Dinsmere produced all three from a drawer, and one by one, handed them to Gwisen. “The paper is Vrinthian cotton-weave. The ink is imported from our holdings in Meltenios—a rich blue-black with flecks of copper to shimmer upon the finest papers. The pen is a from a block of wood reclaimed from an ancient Thersian shipwreck and topped with a solid gold nib.”

Gwisen nodded. The stationary he was about to destroy would have purchased the freedom of a score of his ancestors. He shredded eleven sheets of the paper into a pile of fine confetti on the table. He seized the pen by the nib and yanked it out of the body, spilling ink onto his hands and the table alike. Dinsmere sucked in a sharp breath and gave a look of disgust. He knew enough not to interrupt a practitioner mid-stream, however. Gwisen buried the gold nib among the shredded paper.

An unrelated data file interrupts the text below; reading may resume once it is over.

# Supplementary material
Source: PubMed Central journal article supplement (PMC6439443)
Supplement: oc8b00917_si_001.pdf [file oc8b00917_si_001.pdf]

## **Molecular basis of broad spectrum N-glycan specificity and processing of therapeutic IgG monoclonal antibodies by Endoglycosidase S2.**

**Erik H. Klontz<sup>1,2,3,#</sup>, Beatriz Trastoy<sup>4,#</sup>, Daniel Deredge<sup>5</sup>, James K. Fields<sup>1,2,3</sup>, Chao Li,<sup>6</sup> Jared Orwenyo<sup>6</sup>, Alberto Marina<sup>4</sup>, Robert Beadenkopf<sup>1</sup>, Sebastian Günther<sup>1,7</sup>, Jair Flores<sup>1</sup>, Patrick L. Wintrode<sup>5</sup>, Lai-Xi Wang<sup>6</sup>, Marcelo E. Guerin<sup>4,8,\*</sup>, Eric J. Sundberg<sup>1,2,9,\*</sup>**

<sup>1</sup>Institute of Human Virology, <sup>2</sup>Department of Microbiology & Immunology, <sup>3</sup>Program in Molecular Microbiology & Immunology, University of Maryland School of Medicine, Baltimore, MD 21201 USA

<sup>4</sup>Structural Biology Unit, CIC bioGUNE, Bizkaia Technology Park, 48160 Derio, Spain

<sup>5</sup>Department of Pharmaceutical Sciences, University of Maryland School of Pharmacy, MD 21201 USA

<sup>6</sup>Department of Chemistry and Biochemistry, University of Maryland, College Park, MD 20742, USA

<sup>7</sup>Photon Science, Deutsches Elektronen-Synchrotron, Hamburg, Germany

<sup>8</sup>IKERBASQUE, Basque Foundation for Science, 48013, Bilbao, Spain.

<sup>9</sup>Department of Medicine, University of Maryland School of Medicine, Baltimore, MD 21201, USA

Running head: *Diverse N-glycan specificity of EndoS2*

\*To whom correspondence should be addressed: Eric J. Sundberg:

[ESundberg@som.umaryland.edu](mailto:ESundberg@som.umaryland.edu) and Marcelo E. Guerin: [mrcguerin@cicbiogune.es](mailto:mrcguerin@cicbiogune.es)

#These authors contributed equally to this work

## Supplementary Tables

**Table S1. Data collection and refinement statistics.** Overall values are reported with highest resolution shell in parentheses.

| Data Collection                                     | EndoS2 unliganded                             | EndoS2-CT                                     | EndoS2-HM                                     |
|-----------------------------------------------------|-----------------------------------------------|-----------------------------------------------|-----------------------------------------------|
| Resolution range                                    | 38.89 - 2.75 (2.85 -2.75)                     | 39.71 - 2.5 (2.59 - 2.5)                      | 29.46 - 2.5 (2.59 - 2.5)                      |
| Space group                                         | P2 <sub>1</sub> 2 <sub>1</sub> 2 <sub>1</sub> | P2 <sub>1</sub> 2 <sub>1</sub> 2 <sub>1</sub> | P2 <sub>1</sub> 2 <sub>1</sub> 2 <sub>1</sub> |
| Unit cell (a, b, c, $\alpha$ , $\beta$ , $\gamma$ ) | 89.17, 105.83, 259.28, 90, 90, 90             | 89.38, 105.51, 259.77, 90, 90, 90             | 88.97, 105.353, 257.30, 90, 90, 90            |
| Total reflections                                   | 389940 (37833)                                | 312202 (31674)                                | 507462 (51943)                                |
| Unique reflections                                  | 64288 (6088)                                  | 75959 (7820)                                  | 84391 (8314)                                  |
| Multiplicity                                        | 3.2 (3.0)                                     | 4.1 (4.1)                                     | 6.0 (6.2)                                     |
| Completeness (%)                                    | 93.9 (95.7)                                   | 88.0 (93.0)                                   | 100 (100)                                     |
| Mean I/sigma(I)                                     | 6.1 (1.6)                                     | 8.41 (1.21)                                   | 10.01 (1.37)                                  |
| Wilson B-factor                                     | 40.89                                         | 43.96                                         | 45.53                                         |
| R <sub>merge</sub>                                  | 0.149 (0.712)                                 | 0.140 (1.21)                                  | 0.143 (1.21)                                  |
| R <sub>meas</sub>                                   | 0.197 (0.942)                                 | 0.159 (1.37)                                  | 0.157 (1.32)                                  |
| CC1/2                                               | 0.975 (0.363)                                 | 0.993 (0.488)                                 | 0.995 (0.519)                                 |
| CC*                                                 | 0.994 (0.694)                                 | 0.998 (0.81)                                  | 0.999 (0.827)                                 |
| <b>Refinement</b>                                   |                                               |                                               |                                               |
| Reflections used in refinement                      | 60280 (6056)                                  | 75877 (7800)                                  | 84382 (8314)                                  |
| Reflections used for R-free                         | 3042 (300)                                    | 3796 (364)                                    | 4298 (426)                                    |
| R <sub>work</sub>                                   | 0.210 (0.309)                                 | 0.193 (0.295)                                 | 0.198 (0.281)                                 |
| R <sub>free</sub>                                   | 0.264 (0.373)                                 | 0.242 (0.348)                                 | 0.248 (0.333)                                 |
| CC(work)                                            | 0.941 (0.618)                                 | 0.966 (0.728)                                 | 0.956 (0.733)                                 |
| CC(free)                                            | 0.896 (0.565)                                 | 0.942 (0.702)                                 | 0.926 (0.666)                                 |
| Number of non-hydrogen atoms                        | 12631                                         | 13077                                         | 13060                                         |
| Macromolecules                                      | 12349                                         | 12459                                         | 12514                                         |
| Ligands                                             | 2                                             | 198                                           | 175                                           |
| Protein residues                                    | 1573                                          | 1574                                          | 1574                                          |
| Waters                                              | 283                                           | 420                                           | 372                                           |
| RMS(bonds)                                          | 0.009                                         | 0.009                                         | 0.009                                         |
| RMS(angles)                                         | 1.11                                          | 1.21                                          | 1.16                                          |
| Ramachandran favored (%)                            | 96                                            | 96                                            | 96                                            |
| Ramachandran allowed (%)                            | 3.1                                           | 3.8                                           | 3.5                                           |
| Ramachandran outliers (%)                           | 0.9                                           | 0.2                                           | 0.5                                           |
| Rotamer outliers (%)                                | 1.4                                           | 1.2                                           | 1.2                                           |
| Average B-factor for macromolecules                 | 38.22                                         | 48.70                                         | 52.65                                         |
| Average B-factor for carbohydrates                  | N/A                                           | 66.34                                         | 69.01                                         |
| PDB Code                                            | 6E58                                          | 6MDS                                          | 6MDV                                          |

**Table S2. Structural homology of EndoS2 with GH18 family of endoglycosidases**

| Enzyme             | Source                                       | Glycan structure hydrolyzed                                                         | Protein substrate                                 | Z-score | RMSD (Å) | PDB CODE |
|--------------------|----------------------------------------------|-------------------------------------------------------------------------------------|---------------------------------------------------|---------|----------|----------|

Then he unstopped the ink bottle and dumped its contents over the pile of paper. He slammed the empty glass bottle against the table and sprinkled the broken shards over the ink-soaked paper. Finally, he closed his eyes and listened for the spirits of this strange place.

Instead of a whisper, Gwisen heard a cacophony. Spirits everywhere, so many of them Shawdese, but also from Vrinth and Meltenios and other places he had no name for. They battered his perceptions, screaming with rage. Gwisen had never seen, never felt anything like this before. The sheer frustration and rage swirling around this place surged like a raging sea, unthinkable fathoms deep. A stiff wind began to swirl around him.

Gwisen had barely thought of his desperate and reckless offer when he was battered by spirits clamoring to take him up on the bargain. Gwisen offered his rage, his pain and anger, and his desperate hope for retribution. More than he’d ever offered before, so much that he didn’t know what would be left of him afterward.